“[The House bill] provides more flexibility of what states can do, but way less resources to be innovative and productive … and that just doesn’t make sense,” Kalipeni said.

Kalipeni has spent much of her career working on the ACA. She does not believe it’s a perfect law, but says it’s much better than the Republican proposal. Unlike the House bill, the ACA contains provisions to hire and train the workers needed to meet increasing demand for health care, particularly in poor and rural areas. She said the ACA did not go far enough with this and other reforms, but that it highlighted the importance of thinking ahead about the health care workforce.

“We want to ensure that the need to recruit and retain a well-paid workforce [is] an intentional component of any of the working family policies moving forward,” Kalipeni said. “This can’t be kicked down the line or moving on a parallel path. This has to be built in. Additionally, as this country continues to rely heavily on family caregivers, supports for family caregiving have to be seen as a critical part of any changes to our health care system.”

Seniors and the Single-Payer Future

The ACA is far from perfect, the House bill to repeal it is unpopular and Senate Republicans are starting to doubt whether they can agree on their own overhaul package anytime soon. Out of this policy void has come the renewed interest in a single-payer system. In addition to the House bill to establish Medicare for All, with its record 112 co-sponsors, single-payer legislation is on the move in New York and California. After some prodding from reporters in his home state of Vermont, Sen. Bernie Sanders, who ran for president on a single-payer platform, introduced similar legislation in the Senate last month.

Kalipeni said a move toward a single-payer or another type of universal system that could streamline services and increase spending on wages would be a powerful step forward for both elderly patients and their caregivers.

“We are one of the few developing countries that is behind in providing universal care in a way that increases access, shares costs and meets people’s needs,” Kalipeni said. “Streamlining health care in this way could help manage costs and improve people’s user experience with health care systems.”

Voters are catching on. In April, a Morning Consult/Politico poll taken found that more likely voters supported single payer than opposed the idea, including 37 percent of Trump voters. In January, before the Republican repeal proposals filled Capitol Hill with talk of cuts and millions losing health coverage, a Pew Research poll found that 60 percent of voters agreed that the government should be “responsible for ensuring health care coverage for all Americans.”

Advocates say much of the support for single payer comes down to the bottom line: We pay more for health care in the US than other industrialized countries, but have poorer health outcomes and shorter lifespans.

Coates is particularly concerned about private hospice providers who are incentivized to spend less than they receive from Medicaid and Medicare in order to turn a profit, particularly since the ACA extended Medicare’s hospice benefits. Currently, he said, there are so many “middle men” and incentives to cut corners at the expense of patients that it turns the act of dying into a “profit-making moment.” As private businesses, these providers don’t have to share their finances with the public. Under a single-payer system, there would be a political incentive to require private hospice providers to open their books in order to receive public funds.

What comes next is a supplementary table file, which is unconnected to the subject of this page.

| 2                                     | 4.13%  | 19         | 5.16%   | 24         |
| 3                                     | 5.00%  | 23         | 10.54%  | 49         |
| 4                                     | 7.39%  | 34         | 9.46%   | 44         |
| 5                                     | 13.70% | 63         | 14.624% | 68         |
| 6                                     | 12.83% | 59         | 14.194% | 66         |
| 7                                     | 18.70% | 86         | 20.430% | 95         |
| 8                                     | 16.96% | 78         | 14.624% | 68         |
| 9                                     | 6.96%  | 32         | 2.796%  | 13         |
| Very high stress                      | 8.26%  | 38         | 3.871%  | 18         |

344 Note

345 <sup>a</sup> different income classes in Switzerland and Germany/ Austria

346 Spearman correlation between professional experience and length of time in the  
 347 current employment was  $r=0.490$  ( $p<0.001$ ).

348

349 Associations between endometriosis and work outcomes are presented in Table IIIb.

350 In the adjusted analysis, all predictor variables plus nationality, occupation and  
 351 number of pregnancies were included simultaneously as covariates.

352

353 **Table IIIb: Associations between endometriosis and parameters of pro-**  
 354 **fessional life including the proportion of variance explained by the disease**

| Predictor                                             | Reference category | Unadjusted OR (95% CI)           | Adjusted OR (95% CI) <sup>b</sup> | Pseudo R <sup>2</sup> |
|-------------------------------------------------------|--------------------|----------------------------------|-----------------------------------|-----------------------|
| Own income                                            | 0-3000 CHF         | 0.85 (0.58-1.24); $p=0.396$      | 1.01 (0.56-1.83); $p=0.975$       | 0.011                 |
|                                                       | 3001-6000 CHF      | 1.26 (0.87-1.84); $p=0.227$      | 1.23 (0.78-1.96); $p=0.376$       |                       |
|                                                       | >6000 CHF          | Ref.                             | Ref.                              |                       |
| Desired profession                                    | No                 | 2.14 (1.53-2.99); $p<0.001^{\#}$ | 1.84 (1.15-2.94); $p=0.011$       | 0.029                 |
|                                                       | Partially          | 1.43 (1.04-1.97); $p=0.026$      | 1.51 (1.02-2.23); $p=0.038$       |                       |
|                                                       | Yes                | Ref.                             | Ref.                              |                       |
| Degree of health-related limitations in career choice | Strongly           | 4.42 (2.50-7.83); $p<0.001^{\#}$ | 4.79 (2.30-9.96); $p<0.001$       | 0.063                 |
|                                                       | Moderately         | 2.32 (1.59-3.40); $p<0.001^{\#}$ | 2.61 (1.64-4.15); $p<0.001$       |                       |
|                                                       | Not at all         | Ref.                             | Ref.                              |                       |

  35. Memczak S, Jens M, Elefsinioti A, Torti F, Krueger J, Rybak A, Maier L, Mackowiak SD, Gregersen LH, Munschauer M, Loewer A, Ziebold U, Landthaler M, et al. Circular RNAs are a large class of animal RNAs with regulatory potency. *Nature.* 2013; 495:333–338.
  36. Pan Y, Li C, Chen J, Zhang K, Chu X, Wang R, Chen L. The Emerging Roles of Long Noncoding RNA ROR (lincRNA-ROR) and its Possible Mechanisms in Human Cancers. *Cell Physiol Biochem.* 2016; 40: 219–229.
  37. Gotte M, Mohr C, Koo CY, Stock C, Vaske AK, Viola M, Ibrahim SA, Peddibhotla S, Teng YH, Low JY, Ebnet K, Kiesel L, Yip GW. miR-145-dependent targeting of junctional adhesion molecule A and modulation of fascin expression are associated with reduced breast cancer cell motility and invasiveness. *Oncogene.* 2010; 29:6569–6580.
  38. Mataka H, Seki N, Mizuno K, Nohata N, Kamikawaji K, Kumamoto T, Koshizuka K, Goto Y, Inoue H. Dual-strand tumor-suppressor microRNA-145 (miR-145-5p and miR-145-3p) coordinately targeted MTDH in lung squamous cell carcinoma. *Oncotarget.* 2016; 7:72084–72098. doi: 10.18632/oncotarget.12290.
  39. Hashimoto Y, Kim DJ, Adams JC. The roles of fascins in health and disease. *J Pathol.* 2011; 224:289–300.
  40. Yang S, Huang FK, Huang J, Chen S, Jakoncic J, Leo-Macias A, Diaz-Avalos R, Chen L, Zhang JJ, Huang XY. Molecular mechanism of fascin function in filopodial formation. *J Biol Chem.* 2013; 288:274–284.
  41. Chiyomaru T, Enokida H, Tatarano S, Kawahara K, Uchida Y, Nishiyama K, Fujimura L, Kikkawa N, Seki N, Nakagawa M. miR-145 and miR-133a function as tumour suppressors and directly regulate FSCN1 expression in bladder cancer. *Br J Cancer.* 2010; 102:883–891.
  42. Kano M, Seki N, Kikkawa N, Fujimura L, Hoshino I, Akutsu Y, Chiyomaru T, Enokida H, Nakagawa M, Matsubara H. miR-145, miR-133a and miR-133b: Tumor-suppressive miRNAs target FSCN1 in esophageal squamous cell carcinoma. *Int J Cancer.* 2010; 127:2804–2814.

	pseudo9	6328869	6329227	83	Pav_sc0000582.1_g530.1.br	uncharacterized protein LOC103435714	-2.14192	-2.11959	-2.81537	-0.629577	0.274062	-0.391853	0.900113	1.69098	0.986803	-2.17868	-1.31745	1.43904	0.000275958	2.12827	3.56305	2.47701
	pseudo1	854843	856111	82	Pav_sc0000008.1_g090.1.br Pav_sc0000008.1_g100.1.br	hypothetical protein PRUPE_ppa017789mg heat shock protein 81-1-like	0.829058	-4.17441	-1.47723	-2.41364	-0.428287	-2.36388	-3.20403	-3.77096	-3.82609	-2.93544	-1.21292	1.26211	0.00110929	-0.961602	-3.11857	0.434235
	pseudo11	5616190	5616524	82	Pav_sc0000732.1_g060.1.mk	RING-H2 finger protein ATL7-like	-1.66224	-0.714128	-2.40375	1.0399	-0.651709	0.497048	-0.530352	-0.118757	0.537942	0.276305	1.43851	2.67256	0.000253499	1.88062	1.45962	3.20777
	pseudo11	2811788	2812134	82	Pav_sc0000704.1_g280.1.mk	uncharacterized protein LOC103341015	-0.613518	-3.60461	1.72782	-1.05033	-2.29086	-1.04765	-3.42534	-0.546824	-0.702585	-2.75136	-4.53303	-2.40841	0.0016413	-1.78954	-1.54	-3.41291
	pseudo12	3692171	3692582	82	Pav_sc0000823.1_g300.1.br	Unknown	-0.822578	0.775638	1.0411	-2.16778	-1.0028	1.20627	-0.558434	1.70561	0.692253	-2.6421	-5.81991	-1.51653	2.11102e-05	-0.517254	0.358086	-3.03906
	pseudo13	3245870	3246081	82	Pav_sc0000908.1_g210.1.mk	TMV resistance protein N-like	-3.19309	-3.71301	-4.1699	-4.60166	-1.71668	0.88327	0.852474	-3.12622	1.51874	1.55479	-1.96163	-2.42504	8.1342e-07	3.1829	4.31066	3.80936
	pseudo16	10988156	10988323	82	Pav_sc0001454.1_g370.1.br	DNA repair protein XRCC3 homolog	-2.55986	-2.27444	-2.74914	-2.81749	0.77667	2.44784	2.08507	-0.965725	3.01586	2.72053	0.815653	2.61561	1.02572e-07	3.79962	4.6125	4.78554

Coates said some people believe a single-payer system would allow the government to make their health care decisions for them, but that’s simply not true. In reality, the government’s single-payer office would be in charge of protecting a patient’s right to privacy and autonomy while holding health care providers accountable for the services it’s paying for.

“We should have a system that provides dignity, and if you never have control of the money, then how are you ever going to transform it?” Coates said.

The Republican majority in Congress is sure to keep single-payer proposals stuck in committee, but advocates say now is the time to push establishment Democrats to embrace single payer as a bold alternative to the ACA and Republican austerity.

Coates said that most people already support the ideas behind single payer, and politicians in both parties are out of step. According to polls, most people agree that when someone suffers from a serious medical condition, the resources for treatment should be available to them, not locked behind sky-high premiums and out-of-pocket costs.

“Even well-to-do Trump supporters would still say that, if a kid has leukemia, then he should receive the best care this country has to offer,” Coates said.

The same goes for the elderly. As the shortcomings of the Medicare system illustrate, simply installing a single-payer system for a large group of people is not enough unless that system covers everything under the health care umbrella. A meaningful single-payer plan would include everything that Medicare already covers while meeting the rest of the needs that come with aging, including those currently supported by Medicaid, out-of-pocket costs and family members.

To achieve a high quality of care under such a system, care workers must be fairly compensated. This is where the movement for health care as a human right intersects with so many others. A majority of home care workers are women of color, and many come from immigrant families. Kalipeni said that both the Fight for $15 campaign to raise the minimum wage, as well as the movements for racial justice and immigrant rights, are central to the health care fight, because they’re focused on improving conditions for the workers who will be caring for baby boomers at the end of their lives. If these workers can receive proper wages, benefits and training, then they can keep aging patients healthy and out of hospice, saving more health care dollars in the future — and saving lives.

When we look at health care reform through the lens of dying and death, suddenly our movements — and our very lives — become inextricably intertwined.

Mike Ludwig is an investigative reporter at Truthout and a contributor to the Truthout anthology, Who Do You Serve, Who Do You Protect? Follow him on Twitter: @ludwig_mike.